"When you have been living away in a foreign country for so long, the string that links you to your past becomes fragile over time to the point that you risk losing your sense of identity. Sometimes I have to remind myself that I am still an immigrant in a foreign land. Even when I return to Malaysia to see my family, I would insulate myself within the comfort of my family home in Kuala Lumpur and rarely venture beyond."

So far, he's received positive feedback on his projects, especially from the Asian immigrant community in the West.

"They seem to relate to the complex experience immigrants have with their family that they have left behind in their home country and how the distance and choices they have made affect their identity and psyche.

"I remember a person based in Singapore once told me that she understood and was able to relate to the story I am trying to convey behind the photos and the photos themselves just made it more relevant. It really made her view her mother and family in a more nuanced way. This really meant a lot to me," he shared on a concluding note.


Follow us on our official WhatsApp channel for breaking news alerts and key updates!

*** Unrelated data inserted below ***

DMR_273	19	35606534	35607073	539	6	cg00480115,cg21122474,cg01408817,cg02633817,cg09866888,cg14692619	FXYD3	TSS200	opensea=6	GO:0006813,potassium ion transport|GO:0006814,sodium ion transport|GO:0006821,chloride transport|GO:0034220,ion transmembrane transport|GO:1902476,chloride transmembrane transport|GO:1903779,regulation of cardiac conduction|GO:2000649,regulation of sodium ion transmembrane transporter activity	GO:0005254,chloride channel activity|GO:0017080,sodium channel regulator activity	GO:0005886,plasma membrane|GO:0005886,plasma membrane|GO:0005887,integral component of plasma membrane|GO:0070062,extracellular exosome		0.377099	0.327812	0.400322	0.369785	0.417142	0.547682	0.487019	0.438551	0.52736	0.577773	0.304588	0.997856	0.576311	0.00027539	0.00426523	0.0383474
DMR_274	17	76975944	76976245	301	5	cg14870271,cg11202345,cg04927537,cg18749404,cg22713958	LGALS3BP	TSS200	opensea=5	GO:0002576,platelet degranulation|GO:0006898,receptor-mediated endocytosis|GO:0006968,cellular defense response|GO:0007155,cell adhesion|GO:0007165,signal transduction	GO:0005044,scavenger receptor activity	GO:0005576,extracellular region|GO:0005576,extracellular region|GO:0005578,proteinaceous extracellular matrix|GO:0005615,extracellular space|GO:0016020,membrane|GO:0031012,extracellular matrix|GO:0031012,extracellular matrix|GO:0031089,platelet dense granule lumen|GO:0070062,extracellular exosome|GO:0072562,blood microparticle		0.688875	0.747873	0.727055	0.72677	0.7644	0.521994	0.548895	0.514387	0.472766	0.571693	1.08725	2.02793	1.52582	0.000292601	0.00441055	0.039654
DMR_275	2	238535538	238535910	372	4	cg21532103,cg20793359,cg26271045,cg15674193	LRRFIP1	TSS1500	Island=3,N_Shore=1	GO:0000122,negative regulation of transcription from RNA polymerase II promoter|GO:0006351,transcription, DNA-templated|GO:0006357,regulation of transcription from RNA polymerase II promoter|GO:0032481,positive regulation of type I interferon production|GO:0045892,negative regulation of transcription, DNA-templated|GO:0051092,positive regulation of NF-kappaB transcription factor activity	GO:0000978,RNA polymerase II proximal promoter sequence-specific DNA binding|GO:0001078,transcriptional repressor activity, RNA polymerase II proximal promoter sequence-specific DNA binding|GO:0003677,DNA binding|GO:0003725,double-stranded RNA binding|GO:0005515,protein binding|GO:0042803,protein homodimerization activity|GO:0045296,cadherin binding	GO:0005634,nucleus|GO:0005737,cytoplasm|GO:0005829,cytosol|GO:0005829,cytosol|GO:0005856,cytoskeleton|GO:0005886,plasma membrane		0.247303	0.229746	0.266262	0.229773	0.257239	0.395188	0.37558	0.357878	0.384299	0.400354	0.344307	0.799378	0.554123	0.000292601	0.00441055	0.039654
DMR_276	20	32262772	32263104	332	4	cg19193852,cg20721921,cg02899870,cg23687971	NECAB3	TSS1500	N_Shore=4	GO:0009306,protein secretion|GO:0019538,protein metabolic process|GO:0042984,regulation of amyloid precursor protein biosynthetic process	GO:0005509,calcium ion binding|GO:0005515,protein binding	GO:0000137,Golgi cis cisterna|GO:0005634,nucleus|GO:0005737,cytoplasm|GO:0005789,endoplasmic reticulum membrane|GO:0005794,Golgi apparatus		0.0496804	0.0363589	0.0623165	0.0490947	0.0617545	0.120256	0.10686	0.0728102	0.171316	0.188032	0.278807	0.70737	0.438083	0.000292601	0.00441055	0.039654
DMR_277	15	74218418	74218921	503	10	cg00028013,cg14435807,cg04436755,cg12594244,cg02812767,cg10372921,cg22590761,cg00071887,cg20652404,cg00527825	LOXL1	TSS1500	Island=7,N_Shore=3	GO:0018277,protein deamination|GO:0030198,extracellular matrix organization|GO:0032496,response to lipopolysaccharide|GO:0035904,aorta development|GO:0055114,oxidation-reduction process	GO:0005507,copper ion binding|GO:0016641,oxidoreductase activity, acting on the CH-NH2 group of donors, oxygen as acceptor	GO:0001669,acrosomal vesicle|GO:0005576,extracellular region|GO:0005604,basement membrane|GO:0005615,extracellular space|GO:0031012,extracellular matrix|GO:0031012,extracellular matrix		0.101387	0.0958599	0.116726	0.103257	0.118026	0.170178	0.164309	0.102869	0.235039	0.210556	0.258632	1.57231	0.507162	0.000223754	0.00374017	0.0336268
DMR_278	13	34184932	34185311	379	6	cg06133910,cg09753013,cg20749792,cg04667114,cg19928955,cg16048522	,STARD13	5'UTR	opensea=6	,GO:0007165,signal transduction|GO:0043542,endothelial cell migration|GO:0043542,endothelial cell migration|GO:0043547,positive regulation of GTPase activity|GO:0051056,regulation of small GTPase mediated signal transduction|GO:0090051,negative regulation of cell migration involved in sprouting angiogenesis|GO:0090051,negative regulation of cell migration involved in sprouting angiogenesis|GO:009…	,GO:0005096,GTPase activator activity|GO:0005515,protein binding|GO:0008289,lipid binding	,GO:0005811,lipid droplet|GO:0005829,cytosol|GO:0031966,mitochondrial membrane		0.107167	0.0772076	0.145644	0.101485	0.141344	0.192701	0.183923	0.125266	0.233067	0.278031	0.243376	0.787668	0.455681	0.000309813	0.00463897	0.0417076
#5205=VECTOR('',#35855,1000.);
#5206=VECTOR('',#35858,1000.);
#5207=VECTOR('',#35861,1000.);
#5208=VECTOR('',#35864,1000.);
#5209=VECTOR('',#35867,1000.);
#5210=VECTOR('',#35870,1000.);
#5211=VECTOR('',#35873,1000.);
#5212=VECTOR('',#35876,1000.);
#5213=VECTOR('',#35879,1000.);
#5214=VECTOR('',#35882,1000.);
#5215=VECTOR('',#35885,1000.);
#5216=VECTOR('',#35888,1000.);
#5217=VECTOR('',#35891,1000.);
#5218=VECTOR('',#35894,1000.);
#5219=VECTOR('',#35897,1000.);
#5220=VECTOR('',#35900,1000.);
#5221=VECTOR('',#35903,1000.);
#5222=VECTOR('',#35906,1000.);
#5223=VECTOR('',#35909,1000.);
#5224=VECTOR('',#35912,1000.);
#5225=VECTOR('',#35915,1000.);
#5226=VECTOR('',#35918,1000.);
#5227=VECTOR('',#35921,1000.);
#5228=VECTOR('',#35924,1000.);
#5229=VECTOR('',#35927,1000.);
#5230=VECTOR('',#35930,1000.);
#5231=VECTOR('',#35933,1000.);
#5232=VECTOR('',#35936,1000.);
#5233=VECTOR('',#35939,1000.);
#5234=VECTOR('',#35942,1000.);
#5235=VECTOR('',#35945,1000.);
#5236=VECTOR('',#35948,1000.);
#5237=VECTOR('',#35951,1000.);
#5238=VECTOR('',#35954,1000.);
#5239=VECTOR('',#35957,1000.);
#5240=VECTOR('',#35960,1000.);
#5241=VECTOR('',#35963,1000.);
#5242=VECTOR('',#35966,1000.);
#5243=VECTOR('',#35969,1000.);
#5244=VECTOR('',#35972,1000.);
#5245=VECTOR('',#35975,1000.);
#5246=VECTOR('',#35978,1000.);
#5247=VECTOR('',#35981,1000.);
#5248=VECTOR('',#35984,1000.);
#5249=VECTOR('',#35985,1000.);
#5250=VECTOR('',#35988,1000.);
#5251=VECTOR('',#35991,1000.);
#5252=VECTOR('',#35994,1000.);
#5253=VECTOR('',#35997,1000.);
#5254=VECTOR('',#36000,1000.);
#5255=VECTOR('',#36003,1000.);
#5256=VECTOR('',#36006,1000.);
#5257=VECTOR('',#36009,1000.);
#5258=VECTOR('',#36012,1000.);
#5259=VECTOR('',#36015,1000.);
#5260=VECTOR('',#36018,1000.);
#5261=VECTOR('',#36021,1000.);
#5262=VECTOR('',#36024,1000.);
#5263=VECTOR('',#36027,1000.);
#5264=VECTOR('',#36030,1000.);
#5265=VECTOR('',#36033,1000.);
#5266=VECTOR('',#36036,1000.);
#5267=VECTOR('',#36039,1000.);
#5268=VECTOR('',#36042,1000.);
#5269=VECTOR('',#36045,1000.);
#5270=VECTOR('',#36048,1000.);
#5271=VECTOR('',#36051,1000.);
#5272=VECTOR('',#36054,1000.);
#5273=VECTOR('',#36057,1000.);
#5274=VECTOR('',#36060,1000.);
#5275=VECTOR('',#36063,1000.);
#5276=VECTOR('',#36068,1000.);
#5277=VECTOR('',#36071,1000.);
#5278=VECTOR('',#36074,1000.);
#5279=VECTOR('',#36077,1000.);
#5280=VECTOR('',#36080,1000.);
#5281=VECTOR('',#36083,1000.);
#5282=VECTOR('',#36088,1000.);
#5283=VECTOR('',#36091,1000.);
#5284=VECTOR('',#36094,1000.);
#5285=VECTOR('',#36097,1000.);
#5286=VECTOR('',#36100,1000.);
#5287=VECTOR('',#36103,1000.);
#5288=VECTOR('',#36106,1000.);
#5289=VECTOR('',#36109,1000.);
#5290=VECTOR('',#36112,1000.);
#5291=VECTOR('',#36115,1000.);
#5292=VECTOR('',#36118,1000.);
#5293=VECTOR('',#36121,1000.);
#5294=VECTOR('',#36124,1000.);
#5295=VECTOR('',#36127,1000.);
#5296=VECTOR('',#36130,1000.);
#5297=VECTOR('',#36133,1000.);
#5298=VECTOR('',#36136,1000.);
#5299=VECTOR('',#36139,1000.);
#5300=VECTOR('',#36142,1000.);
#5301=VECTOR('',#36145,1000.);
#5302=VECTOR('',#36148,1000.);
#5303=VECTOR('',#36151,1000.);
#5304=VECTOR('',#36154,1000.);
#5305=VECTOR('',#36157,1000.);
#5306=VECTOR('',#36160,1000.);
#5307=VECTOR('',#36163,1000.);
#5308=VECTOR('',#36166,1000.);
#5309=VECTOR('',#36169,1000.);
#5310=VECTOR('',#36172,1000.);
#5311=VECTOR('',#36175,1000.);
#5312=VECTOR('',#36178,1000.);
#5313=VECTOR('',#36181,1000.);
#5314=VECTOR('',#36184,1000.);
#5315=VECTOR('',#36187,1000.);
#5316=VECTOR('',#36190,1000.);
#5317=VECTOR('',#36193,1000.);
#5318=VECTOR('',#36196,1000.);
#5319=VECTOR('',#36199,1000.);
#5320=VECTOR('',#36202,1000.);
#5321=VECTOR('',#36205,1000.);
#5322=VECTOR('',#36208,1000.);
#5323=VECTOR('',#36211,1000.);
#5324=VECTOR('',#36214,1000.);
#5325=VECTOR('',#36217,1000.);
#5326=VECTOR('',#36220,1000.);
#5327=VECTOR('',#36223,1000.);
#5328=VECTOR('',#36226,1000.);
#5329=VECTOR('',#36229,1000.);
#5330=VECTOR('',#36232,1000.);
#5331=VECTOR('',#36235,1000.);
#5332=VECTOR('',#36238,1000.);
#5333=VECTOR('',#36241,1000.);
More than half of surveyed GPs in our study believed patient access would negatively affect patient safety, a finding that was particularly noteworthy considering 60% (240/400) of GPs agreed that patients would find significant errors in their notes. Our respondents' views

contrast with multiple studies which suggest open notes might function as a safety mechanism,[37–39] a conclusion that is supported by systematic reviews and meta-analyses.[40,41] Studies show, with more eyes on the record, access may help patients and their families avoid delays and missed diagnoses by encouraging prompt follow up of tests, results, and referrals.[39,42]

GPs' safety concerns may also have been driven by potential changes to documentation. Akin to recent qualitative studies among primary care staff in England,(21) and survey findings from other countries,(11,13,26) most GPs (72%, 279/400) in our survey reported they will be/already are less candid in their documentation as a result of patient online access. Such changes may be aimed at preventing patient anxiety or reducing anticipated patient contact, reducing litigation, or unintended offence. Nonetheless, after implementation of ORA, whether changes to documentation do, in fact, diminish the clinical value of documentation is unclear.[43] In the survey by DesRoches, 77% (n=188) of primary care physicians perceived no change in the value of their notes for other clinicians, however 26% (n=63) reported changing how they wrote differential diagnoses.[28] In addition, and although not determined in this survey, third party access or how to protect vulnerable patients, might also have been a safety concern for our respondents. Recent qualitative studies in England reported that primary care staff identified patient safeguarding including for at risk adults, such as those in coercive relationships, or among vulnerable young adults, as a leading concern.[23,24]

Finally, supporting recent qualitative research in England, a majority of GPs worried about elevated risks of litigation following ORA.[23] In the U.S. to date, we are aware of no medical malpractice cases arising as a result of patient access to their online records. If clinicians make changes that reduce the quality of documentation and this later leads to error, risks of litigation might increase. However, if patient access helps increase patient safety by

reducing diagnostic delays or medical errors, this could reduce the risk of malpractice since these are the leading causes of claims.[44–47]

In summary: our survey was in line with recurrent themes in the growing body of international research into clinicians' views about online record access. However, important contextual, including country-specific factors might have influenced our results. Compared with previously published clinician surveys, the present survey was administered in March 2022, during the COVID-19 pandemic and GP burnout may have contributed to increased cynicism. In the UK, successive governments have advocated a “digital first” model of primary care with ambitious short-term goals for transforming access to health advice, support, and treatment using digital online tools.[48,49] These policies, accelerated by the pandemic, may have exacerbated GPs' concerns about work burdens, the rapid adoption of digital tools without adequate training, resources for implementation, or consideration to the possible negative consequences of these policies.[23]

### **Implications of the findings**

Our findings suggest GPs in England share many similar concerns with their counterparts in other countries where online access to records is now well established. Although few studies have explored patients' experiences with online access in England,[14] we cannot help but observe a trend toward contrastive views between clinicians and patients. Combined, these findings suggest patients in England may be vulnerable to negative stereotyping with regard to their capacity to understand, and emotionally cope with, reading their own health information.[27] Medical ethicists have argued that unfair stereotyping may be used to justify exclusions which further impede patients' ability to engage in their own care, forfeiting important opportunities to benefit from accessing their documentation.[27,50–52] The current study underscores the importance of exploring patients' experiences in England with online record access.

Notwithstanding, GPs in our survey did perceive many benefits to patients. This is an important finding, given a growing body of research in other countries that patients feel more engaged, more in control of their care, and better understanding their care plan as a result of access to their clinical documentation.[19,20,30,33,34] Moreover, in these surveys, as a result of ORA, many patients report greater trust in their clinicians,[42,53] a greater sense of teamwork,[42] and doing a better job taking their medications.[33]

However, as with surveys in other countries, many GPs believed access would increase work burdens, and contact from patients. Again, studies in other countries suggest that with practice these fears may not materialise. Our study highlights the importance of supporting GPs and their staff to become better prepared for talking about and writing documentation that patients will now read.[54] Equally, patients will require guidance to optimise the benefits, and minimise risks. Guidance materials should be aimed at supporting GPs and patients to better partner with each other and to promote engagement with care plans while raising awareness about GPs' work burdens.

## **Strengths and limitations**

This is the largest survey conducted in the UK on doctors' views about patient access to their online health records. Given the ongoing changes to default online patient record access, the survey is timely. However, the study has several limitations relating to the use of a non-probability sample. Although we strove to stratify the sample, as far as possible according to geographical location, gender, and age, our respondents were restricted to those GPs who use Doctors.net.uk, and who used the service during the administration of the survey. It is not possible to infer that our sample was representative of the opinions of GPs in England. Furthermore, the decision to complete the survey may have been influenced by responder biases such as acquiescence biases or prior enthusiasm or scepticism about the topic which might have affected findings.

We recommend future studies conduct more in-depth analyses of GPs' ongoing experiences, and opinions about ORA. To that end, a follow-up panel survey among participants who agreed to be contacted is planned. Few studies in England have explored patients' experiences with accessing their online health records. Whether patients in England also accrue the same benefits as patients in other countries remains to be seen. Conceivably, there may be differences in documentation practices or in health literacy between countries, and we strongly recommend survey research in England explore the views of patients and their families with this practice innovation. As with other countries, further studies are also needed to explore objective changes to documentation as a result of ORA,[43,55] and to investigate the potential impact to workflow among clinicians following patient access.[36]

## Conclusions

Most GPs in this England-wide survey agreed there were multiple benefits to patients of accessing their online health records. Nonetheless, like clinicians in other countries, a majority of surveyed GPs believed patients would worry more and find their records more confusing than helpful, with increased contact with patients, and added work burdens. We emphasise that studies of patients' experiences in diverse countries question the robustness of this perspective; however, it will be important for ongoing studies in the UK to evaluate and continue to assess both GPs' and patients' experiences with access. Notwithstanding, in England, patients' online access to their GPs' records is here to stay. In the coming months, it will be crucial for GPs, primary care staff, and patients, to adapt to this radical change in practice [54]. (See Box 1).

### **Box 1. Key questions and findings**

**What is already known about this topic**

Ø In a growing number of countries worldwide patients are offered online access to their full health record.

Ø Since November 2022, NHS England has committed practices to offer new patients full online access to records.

Next In People

Malaysian deaf artist promotes heritage buildings through art
Sabahan mural artist draws from jungle upbringing for inspiration
Of tradition and ambition: Elizabeth Marini on Chinese New Year and 2024 goals
Volunteer divers protect Oman’s coral reefs by removing damaging fishing nets
Groovy Malaysian deejay finds joy crafting hats in Langkawi
Meet the Cameroon immigrant, father of 5 who graduated from UT Dallas
We Rise Together: An economic recovery effort aiding Black and Latinx communities
Black-led nonprofit to take over a longtime community hub to benefit the people
How fasting, tai chi and a rooftop garden help this art restorer excel
Seeking protection for India's sewage cleaners

Others Also Read